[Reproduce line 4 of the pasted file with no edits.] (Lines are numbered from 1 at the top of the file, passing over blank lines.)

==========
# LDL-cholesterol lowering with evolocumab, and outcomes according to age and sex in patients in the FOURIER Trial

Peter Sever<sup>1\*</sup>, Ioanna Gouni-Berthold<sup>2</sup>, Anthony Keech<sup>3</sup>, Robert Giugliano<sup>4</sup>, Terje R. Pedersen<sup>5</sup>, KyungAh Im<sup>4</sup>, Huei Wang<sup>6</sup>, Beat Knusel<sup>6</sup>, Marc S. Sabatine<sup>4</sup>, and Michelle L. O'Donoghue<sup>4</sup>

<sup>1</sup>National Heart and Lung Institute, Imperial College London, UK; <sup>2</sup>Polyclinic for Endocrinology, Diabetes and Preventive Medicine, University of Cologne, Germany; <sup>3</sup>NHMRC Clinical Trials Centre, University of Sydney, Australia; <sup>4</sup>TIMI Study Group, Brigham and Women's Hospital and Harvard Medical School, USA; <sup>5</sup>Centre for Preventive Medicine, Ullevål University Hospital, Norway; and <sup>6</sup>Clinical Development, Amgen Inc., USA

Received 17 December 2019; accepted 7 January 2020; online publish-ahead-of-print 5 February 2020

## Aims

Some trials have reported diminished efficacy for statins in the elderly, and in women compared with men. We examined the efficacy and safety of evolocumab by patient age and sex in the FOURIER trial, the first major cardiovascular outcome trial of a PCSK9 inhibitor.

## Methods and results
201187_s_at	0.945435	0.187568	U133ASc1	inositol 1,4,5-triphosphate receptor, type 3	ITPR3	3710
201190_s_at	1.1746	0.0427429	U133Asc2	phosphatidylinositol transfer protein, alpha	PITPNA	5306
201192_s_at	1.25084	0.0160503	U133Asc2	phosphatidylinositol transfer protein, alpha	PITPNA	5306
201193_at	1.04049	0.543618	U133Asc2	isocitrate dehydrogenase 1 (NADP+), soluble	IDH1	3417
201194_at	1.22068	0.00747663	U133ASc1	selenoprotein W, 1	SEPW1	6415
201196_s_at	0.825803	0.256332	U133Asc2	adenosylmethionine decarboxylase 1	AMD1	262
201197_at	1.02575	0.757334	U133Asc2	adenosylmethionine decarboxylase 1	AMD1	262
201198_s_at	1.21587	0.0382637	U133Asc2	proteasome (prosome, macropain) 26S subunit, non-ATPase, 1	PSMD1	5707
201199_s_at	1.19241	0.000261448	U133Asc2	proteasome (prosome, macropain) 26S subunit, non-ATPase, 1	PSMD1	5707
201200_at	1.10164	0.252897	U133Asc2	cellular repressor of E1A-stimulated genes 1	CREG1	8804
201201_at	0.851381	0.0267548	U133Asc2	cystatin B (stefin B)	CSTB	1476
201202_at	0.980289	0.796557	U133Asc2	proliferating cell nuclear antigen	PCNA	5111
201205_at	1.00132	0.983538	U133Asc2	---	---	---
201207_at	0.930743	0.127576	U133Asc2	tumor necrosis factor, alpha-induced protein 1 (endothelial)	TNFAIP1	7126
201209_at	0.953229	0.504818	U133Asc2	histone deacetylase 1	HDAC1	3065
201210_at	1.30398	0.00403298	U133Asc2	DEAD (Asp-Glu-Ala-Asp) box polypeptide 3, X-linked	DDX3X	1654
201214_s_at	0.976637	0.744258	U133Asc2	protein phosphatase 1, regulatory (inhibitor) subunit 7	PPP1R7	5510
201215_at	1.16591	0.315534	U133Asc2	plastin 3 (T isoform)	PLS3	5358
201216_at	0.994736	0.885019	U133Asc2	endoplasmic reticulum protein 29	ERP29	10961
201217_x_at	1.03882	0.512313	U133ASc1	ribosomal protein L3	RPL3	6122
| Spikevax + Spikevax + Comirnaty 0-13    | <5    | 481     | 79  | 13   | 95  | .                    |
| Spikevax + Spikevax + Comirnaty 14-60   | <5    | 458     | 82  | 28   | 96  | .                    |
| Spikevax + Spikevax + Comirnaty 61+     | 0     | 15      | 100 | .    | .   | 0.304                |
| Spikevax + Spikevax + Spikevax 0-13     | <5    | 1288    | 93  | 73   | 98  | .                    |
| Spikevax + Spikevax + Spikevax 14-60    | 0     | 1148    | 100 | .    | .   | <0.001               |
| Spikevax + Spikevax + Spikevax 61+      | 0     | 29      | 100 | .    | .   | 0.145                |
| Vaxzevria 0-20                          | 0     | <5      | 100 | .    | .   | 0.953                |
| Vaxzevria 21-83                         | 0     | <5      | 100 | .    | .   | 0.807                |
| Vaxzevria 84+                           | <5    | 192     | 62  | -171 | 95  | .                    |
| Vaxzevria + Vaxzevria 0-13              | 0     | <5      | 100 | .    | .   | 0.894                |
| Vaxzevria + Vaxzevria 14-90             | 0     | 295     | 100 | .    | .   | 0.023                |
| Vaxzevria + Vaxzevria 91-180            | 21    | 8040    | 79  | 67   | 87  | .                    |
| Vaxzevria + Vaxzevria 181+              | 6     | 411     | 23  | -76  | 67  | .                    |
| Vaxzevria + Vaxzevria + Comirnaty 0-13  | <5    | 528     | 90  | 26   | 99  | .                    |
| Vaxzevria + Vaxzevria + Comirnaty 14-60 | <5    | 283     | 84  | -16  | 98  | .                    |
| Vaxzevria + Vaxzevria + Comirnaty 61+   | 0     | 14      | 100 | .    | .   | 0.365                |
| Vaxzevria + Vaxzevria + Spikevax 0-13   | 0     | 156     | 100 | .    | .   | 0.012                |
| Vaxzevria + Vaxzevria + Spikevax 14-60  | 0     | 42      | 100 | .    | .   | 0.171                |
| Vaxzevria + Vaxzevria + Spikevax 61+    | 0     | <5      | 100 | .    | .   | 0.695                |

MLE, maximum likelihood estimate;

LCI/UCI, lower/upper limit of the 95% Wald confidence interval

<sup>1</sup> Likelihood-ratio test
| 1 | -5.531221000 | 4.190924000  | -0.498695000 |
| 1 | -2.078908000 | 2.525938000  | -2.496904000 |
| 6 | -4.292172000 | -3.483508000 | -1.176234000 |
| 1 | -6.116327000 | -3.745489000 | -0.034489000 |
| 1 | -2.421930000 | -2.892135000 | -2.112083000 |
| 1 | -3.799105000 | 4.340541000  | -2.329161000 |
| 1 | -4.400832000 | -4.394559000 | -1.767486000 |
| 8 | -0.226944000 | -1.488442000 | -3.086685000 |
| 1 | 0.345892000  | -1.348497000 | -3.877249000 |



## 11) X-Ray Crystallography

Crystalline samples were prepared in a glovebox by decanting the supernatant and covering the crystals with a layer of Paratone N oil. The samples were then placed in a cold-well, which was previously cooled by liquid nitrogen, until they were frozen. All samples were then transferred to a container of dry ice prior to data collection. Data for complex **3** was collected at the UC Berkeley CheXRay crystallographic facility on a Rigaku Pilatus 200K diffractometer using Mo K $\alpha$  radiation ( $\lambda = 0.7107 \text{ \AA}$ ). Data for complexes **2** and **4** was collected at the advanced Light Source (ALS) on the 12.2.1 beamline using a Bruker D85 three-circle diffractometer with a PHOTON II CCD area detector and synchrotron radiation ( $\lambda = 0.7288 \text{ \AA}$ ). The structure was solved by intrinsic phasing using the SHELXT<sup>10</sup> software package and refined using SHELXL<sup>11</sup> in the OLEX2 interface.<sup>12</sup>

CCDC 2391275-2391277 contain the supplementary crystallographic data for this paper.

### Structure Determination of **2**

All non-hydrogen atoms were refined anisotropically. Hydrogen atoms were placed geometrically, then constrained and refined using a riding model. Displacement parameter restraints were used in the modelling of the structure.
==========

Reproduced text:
Received 17 December 2019; accepted 7 January 2020; online publish-ahead-of-print 5 February 2020